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2011 to 2020 Saw Increase in Annual Prescription Meds Expenditures

Metabolic agents were the most costly category; antidiabetic agents were the mostly costly therapeutic area

By Elana Gotkine HealthDay Reporter

MONDAY, April 15, 2024 (HealthDay News) — From 2011 to 2020, there was an increase in total annual prescription medication expenditures, with antimetabolic agents the most costly category, according to a study published in the April issue of Research in Social and Administrative Pharmacy.

Whanhui Chi, from the University of Houston College of Pharmacy, and colleagues calculated the total annual medication expenditures by payer categories in a cross-sectional analysis using the 2011 to 2020 Medical Expenditures Panel Survey. Expenditures were stratified by therapeutic category. Temporal trends in medication expenditures were examined.

The researchers observed an increase in total annual prescription medication expenditures from $341.49 to $473.12 billion per year from 2011 to 2020, with the most costly category being metabolic agents. Antidiabetic agents were the most costly therapeutic area among the metabolic agents, with an increasing trend seen from $27.15 to $89.17 billion during the same period. Increasing trends in antidiabetic agent expenditure were seen for Medicare, Medicaid, TRICARE/Veterans Administration/CHAMPVA, and other sources; no trend was seen for the payer categories of out-of-pocket or other government sources. Of the antidiabetic agents, insulin had the highest expenditure.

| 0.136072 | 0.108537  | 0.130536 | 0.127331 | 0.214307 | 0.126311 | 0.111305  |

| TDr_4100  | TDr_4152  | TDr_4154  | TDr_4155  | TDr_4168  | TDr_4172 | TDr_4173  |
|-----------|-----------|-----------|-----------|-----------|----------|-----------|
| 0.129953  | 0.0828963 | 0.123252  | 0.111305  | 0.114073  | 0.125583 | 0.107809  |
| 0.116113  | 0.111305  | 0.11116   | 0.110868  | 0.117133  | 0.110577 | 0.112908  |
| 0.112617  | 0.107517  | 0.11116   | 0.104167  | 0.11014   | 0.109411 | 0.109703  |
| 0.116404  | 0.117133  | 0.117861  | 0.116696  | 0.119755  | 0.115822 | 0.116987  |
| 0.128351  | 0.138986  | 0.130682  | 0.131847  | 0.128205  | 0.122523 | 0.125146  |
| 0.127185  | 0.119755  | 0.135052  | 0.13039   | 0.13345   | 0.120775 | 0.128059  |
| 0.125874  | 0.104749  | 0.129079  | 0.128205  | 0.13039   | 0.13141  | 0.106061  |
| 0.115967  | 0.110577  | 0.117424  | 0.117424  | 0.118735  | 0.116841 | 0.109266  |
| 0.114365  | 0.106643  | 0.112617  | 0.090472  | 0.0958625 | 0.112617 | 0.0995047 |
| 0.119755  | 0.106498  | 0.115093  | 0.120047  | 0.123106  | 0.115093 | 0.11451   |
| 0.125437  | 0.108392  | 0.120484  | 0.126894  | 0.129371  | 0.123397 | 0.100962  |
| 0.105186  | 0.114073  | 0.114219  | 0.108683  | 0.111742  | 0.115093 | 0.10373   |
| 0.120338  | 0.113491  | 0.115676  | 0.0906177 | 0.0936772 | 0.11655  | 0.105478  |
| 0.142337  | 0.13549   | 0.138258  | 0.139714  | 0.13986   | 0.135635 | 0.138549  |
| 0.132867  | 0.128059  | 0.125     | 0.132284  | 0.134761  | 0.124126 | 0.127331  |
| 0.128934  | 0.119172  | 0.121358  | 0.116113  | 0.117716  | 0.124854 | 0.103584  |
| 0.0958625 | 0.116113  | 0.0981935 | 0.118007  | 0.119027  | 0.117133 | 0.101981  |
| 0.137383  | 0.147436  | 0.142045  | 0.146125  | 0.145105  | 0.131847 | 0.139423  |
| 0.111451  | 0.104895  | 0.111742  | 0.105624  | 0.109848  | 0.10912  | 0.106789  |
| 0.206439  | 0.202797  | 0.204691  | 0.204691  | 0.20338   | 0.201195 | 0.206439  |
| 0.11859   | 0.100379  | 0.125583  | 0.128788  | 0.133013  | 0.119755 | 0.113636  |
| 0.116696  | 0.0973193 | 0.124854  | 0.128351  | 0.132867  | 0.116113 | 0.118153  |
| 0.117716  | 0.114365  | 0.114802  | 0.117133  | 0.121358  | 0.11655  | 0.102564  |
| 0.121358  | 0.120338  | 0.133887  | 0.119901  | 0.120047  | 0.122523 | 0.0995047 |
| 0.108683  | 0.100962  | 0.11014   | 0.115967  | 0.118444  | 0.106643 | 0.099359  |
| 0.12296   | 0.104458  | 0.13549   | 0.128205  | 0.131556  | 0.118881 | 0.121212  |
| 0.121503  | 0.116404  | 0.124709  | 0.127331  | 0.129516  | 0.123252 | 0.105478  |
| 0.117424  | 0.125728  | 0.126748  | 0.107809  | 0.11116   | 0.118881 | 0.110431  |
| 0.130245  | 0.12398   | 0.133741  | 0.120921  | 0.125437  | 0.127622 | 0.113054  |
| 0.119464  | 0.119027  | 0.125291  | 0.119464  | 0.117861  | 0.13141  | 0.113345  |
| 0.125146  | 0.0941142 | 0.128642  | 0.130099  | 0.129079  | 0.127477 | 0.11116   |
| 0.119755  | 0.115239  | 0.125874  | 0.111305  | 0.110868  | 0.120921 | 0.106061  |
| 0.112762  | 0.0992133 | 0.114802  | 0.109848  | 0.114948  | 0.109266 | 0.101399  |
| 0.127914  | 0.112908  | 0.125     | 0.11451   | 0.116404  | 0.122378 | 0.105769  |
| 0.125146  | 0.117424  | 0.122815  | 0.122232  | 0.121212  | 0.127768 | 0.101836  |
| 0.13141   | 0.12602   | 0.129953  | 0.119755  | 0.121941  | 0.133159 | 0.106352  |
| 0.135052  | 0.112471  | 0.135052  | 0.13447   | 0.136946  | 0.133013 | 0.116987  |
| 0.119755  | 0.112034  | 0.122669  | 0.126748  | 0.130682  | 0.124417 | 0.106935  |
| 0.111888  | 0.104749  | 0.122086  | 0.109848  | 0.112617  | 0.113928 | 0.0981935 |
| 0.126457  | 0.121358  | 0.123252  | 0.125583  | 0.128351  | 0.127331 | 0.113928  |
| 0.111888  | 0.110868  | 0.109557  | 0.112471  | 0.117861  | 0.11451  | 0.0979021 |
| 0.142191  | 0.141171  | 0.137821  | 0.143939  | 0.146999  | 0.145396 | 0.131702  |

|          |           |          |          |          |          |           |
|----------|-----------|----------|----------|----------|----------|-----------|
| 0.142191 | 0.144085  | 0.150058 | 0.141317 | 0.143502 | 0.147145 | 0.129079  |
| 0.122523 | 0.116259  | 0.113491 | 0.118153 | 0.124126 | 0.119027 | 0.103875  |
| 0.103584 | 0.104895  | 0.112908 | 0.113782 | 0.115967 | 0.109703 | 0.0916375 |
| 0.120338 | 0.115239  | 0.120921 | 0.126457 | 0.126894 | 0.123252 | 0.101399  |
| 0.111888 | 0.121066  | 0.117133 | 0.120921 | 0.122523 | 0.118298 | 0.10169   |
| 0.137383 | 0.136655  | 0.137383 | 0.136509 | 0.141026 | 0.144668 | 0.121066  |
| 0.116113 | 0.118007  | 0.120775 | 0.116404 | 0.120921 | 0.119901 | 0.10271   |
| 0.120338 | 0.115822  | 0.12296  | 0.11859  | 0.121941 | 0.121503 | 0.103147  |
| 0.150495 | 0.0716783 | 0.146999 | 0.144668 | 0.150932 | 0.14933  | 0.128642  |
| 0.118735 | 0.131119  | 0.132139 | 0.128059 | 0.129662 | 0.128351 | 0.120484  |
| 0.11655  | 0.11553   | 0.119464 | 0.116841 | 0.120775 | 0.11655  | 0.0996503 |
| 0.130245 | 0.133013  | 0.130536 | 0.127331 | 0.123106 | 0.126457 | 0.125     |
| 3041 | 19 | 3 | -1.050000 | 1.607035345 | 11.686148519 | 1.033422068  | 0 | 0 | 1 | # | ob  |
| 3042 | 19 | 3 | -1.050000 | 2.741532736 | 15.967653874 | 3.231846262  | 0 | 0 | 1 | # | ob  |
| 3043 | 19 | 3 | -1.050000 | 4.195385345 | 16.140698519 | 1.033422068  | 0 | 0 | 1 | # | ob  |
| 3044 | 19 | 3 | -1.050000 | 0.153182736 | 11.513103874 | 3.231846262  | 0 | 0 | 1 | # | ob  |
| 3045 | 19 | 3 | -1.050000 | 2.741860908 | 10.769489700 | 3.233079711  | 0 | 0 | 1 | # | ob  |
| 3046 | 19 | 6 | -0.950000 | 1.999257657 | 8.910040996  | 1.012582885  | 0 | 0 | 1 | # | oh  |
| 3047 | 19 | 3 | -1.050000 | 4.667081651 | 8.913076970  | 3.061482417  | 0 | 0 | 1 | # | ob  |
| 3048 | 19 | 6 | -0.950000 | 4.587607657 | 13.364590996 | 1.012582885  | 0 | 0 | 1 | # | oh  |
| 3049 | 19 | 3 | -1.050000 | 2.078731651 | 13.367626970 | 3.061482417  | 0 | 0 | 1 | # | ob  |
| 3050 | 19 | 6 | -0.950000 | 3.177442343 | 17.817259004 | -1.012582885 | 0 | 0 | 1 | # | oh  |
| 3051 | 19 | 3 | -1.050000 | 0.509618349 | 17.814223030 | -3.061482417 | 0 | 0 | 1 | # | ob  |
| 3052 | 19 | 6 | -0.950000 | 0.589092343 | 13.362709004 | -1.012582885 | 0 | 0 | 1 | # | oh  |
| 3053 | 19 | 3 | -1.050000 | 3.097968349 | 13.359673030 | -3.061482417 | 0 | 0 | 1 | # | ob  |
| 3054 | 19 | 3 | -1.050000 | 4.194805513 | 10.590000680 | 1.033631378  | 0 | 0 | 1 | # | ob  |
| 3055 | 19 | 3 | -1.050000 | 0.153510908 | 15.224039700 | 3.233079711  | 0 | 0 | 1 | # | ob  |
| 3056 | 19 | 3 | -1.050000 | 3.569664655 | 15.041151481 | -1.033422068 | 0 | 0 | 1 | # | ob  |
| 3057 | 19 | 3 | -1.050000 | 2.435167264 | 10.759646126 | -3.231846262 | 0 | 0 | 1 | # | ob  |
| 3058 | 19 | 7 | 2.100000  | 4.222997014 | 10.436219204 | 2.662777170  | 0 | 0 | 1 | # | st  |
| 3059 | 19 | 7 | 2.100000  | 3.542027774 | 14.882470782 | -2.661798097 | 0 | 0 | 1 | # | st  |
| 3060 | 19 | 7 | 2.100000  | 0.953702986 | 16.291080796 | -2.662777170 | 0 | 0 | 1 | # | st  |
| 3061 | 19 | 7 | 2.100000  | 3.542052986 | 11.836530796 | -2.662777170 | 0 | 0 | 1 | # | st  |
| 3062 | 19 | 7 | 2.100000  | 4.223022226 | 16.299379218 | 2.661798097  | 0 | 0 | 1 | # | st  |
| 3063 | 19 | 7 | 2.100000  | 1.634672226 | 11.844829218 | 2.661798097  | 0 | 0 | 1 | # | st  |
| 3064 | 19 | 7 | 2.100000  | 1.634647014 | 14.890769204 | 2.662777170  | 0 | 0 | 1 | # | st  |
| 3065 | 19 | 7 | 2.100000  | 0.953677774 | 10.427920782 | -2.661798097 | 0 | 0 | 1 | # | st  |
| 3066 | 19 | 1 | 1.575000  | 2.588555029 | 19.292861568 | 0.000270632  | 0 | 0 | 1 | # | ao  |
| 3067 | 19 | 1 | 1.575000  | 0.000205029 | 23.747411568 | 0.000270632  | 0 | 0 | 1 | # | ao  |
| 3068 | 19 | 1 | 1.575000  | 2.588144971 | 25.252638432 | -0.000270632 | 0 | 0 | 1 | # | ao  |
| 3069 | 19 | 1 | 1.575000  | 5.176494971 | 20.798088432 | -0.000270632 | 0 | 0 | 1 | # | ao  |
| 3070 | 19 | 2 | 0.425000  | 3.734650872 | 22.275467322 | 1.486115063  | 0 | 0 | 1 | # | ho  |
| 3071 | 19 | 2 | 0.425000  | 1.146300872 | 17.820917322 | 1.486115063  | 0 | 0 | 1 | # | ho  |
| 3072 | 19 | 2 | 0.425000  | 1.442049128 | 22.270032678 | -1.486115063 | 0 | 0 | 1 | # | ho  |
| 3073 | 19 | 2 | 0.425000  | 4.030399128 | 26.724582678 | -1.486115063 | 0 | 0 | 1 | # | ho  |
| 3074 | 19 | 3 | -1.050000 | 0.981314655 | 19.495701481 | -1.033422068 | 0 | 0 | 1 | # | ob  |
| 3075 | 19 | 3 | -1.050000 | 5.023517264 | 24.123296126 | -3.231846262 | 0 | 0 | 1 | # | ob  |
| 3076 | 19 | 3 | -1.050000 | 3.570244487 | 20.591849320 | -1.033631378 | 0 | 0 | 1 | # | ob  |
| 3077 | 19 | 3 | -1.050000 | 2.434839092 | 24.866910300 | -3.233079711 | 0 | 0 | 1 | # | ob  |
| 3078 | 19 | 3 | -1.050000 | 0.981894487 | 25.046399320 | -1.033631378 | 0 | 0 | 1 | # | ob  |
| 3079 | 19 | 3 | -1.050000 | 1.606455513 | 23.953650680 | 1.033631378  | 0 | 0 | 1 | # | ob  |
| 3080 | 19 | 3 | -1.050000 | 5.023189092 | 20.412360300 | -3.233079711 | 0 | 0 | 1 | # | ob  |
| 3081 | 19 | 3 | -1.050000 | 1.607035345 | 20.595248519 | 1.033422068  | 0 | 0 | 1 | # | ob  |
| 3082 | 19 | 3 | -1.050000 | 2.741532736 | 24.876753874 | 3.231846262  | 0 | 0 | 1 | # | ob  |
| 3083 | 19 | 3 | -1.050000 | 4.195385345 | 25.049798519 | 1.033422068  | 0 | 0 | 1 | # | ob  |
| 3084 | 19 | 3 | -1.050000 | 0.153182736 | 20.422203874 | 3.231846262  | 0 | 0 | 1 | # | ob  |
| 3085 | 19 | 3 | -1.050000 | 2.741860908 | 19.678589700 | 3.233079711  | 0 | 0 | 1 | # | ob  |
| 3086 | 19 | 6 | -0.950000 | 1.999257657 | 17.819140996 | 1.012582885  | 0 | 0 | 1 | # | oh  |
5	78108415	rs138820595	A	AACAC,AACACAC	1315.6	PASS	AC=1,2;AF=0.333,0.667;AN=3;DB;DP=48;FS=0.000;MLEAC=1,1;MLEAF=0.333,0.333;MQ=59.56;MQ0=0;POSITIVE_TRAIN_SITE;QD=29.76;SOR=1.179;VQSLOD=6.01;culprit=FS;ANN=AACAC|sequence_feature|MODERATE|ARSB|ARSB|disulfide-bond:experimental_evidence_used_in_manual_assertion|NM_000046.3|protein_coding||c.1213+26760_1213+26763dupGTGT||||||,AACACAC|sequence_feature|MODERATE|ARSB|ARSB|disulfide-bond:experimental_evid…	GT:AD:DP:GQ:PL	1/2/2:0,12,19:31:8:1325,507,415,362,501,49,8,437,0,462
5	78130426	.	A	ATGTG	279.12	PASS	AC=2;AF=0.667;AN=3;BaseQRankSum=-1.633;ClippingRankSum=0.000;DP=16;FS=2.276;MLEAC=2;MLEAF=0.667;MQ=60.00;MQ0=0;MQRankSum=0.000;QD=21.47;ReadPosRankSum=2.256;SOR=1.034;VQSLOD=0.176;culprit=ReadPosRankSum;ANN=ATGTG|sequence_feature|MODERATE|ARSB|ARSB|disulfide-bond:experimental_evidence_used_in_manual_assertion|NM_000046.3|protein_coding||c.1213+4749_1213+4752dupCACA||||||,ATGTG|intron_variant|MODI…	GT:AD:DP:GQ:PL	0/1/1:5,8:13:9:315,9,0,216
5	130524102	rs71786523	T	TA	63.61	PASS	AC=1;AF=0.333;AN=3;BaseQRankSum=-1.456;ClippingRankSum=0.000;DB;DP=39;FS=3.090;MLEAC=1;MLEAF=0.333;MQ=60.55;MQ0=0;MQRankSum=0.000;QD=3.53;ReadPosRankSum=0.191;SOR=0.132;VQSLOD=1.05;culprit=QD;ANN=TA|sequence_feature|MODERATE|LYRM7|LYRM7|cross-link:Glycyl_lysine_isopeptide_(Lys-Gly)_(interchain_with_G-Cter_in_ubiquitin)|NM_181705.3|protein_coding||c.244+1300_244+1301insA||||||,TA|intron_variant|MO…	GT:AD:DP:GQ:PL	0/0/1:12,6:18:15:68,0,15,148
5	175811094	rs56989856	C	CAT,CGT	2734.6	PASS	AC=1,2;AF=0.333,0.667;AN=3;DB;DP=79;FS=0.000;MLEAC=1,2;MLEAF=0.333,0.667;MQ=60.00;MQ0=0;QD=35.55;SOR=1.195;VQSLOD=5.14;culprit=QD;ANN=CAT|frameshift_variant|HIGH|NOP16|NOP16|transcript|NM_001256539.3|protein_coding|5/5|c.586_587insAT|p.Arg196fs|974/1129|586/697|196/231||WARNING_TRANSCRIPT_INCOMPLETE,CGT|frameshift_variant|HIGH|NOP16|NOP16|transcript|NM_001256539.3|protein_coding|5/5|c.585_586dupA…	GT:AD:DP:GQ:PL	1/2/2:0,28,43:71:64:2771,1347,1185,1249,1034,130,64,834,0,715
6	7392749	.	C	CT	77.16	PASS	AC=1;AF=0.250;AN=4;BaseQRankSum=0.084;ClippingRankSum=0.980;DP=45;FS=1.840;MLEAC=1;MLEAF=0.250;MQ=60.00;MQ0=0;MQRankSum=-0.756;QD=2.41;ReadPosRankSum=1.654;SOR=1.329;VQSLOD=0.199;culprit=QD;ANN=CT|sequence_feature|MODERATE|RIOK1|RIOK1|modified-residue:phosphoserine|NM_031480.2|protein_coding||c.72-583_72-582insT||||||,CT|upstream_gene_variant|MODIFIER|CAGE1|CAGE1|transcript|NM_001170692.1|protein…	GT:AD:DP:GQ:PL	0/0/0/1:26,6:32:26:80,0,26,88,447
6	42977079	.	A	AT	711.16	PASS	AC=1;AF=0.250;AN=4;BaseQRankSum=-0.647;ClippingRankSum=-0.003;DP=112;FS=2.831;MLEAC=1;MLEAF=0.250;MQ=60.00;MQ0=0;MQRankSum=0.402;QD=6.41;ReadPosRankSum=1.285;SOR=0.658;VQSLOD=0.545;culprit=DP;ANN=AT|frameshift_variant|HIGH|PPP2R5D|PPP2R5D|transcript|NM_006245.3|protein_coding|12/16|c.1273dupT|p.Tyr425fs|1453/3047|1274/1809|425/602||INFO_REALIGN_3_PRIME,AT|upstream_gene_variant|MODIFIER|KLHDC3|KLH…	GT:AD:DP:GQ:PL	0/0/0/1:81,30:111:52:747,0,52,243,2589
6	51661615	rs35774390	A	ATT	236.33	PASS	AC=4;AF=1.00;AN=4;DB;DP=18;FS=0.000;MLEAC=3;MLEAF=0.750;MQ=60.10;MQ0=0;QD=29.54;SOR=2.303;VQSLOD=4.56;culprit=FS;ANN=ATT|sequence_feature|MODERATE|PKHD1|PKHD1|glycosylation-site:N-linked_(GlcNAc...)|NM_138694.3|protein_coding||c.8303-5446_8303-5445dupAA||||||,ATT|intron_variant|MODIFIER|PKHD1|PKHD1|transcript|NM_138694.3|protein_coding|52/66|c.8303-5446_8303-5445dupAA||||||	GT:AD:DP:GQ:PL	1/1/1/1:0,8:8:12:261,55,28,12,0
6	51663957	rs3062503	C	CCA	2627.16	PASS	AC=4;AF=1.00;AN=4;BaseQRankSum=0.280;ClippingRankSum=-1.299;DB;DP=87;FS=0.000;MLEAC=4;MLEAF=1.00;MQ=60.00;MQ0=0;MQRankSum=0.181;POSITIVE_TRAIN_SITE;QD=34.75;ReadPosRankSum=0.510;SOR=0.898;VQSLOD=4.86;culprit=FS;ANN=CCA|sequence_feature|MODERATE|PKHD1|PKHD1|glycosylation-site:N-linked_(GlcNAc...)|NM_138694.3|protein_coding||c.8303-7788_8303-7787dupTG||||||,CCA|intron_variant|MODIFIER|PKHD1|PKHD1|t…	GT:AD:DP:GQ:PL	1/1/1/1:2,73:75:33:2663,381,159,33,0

“In light of these developments, research is needed to substantiate concerns that trends in the cost of care are outpacing patients’ ability to pay,” coauthor Tyler J. Varisco, Ph.D.., Pharm.D., also from the University of Houston College of Pharmacy, said in a statement. “Continuing analysis is needed to help policymakers and other key stakeholders understand how changes in practice, policy, and drug marketing converge to impact total market expenditures.”

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